On a radial plan

It has to be remembered that the unsuccessful revolution which Leonardo wanted to achieve offering a new quality of urban architecture to Milan but also to the whole world is not limited only to his plans and projects. It is worth recalling Antonio di Pietro Averlino called Filarete (1400-1469), a great sculptor and architect who in his Trattato di architettura (Treatise on Architecture) (1461-1464) was first to put forward a project of an ideal city founded on a radial plan, a city constructed from elements introducing to human life harmony, order, comfort, cleanliness and obvious clarity of the message. And just as in the case of the relation between Leonardo and Lodovico Sforza (Moro), also Filarete remains alone with his dreams that Francesco Sforza could not make true. Could it be the curse of Milan? Are there cursed cities in which making a healing architectural effort is always doomed to failure? And does this failure always have to be a consequence of the lack of imagination of their rulers or municipal councils or a shortage of funds?

The subsequent centuries brought urban and architectural visions as well as more or less successful attempts to accomplish them, such as Zamość, shaped in accordance with ideal plans at the end of the 16th century. It is also surprising to see the grand scale and simply fantastic forms of plans of an ideal city around the saltworks of Chaux in Arc-et-Senans made by architect Claude Nicolas Ledoux at the end of the 18th century (neo-classicism relished axial as well as radial urban compositions).

Staszic and Rembieliński

Attempts of similar quality gave birth to Łódź, an industrial settlement conceived by Stanisław Staszic and Rajmund Rembieliński, founded in imitation of ideal cities in 1823. The first settlement – New Town was this very shape, its centre was outlined by an octagonal square (now Wolności Square) surrounded by a square of streets: Wschodnia-Południowa (East-South) (Południowa is now called Rewolucji 1905 r.) and Zachodnia-Północna (West-North), forming an ideally axial arrangement. This layout was disrupted only by a rectangular area of gardens along Średnia Steet (currently Pomorska St.) on the east-west axis. Similarly, another part of industrial Łódź, Łódka settlement founded between 1824 and 1828, had a lot in common with ideal neo-classical concepts: crosswise streets and quarters divided into regular narrow plots were threaded on the long axis of Piotrkowska Street running along the north-south line. In this way a rational, well-thought layout was made. Unfortunately, we do not know the author of this project. Rajmund Rembieliński, the then president of the Mazowieckie Voivodeship Committee (equivalent of today’s voivode), a land surveyor Filip de Viebig and Jan Leśniewski played an important role in shaping the industrial settlements of Łódź.

The format of streets laid out in the 1820s developed successfully for the next several dozen years despite temporary stagnation connected with economic crises. Streets filled with houses of weavers with gardens at their backs, and big industrial buildings sprang up along the Jasień River, from which Ludwik Geyer’s factory stood out. The situation changed radically in the 1860s when as part of repression after the January Uprising the Polish administration was removed from power and replaced with tsar’s offices. The city, until that moment managed rationally, entered a phase of dynamic but at the same time uncontrolled, haphazard, unbridled development. City centre quarters started to be densely crammed with buildings, and too narrow streets, not broadened in time, became excessively crowded. Industrial buildings started to ‘invade’ residential areas, which resulted in extremely unfavourable mixing of residential and industrial buildings. Small rivers turned into sewage, the number of inhabitants at the turn of the centuries rocketed, and the city began to feel the lack of everything: hospitals, schools, churches, well-cobbled streets or water and sewer systems. The city condition was of no interest whatsoever to the Russian invaders who were interested only in exacting taxes from local manufacturers. As a result of that, large sums from run-down Łódź were used, among other things, to expand another city – Sankt Petersburg. Obviously, this was not the time of absolute fall or stagnation owing to the initiative of city citizens as well as resourcefulness and generosity of Łódź manufacturers: the Scheiblers, Poznańskis, Geyers, Grohmans, Silbersteins and many others helped set up schools, hospitals, churches, tram and railway lines. Also, the most important urban development undertakings of the day were a result of private initiative: thanks to private owners a wide avenue, Spacerowa Steet (currently Kościuszki Avenue) was laid out, and it was to be converted into a representative promenade. Factory owner Ludwik Meyer marked out a private street between Piotrkowska Steet and Dzika Steet (currently Sienkiewicza St.), building villas on it, and creating one of the most elegant fragments of the city.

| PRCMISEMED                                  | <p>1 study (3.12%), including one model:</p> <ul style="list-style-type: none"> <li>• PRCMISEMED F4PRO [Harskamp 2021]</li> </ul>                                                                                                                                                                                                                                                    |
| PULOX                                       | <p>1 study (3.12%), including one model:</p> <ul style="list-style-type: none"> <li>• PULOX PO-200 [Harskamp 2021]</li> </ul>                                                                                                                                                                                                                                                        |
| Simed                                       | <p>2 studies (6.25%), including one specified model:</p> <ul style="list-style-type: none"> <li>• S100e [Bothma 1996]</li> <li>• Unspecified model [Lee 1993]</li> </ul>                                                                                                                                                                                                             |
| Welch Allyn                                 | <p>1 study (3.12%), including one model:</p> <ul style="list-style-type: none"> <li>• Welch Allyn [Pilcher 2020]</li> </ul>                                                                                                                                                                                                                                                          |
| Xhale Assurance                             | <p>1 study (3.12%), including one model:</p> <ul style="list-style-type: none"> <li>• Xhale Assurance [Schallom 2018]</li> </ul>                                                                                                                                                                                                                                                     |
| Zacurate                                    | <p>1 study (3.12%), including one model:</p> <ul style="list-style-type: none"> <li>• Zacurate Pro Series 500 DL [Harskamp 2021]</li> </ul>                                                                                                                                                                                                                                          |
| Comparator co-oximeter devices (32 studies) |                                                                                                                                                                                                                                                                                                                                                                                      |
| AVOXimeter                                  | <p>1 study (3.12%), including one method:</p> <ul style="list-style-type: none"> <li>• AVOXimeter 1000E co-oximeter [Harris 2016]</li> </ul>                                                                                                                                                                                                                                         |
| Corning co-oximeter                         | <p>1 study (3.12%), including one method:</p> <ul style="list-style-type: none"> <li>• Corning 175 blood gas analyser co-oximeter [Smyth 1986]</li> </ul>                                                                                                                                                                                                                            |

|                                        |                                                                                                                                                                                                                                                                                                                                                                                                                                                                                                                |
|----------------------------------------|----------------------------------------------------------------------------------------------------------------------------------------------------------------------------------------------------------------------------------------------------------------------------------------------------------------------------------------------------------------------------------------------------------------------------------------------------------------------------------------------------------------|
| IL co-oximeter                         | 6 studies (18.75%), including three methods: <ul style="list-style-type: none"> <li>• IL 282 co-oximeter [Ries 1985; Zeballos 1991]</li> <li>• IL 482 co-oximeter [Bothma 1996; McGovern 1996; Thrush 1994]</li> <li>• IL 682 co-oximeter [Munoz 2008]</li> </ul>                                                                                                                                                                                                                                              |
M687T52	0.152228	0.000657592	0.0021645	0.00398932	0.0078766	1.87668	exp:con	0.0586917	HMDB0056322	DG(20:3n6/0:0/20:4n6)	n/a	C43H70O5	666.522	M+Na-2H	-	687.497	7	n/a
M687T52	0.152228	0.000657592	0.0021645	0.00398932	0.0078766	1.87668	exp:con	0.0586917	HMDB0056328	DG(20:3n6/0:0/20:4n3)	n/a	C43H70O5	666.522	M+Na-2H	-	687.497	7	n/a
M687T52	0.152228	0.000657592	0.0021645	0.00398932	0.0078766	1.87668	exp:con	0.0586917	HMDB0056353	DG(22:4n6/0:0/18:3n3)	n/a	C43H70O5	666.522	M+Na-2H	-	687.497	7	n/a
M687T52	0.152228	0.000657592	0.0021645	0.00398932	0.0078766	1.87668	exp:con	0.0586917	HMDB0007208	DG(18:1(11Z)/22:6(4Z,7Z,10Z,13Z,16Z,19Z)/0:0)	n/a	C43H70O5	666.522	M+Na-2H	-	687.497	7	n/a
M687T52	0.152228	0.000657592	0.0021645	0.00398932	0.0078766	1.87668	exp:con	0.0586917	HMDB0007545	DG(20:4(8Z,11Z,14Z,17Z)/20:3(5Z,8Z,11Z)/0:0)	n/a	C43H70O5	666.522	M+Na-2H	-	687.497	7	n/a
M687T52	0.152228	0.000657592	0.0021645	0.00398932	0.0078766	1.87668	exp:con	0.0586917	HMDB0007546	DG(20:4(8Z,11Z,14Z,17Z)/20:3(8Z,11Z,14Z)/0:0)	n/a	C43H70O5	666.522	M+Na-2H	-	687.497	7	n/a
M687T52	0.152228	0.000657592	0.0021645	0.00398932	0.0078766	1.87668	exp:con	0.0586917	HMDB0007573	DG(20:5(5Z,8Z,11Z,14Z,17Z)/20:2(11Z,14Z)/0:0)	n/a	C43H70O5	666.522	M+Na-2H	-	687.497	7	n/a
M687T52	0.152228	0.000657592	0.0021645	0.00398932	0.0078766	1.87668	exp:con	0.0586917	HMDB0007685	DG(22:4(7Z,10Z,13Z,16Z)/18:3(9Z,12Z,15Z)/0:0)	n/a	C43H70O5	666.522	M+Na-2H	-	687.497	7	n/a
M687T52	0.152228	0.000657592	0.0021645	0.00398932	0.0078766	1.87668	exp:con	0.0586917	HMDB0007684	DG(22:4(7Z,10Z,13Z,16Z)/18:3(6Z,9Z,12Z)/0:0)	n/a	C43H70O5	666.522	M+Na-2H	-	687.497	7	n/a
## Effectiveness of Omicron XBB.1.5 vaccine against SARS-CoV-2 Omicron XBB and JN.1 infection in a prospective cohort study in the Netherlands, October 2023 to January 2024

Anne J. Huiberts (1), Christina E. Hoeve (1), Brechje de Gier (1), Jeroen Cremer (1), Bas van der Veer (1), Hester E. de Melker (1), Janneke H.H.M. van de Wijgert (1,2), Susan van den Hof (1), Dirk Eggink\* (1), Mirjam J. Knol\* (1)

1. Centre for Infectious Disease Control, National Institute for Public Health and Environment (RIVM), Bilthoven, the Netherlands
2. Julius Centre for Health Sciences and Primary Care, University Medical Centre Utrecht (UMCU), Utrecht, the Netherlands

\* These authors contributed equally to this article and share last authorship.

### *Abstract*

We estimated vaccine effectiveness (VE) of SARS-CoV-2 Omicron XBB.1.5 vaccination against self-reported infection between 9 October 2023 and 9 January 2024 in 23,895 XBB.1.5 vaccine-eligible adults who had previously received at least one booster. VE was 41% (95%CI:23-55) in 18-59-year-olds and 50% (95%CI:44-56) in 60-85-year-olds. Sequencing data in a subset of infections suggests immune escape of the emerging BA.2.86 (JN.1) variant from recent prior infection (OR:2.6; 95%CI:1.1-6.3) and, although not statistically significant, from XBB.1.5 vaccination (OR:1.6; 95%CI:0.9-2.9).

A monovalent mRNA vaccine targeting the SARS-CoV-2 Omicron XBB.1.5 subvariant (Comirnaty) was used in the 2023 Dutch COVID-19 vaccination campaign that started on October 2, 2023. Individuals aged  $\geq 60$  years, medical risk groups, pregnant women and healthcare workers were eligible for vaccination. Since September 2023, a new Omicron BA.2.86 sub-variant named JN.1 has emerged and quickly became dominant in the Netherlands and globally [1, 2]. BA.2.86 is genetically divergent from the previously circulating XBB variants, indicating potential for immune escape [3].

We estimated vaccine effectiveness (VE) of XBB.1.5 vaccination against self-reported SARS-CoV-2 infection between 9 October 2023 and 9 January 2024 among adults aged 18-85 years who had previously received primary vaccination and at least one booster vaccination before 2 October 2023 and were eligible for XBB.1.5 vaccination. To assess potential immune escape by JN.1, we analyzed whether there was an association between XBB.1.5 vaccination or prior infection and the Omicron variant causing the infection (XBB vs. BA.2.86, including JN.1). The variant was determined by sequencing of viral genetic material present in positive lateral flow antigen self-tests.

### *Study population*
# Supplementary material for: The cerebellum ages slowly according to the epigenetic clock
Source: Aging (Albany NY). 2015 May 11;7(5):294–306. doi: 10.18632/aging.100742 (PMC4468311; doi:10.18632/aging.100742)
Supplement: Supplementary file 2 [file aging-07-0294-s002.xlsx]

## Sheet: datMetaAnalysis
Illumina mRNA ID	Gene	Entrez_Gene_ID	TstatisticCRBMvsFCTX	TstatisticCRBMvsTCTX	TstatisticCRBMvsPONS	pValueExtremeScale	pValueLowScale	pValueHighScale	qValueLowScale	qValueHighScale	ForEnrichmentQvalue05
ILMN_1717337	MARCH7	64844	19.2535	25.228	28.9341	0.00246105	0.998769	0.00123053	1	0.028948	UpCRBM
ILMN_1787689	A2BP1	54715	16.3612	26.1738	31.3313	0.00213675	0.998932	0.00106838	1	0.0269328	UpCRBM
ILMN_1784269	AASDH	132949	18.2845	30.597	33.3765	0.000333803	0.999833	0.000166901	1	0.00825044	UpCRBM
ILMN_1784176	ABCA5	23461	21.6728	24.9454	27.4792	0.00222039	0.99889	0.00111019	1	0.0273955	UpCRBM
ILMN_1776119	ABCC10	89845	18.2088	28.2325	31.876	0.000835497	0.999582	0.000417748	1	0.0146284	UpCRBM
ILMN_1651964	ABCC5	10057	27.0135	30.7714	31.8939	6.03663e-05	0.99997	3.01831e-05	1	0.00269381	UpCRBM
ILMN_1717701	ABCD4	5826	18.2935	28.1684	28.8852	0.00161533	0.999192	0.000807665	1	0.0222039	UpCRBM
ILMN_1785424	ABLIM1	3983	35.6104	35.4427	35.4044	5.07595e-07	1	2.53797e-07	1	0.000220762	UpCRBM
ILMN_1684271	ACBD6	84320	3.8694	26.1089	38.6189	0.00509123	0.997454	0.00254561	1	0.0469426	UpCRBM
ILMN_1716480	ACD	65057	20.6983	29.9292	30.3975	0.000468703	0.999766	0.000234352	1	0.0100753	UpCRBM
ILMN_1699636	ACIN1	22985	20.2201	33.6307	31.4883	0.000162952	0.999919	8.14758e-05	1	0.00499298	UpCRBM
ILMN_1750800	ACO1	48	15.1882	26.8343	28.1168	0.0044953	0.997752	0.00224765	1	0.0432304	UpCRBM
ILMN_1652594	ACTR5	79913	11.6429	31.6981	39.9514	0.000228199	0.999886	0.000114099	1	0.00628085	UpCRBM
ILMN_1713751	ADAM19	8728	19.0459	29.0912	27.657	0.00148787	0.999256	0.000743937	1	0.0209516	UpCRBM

Attempts of healing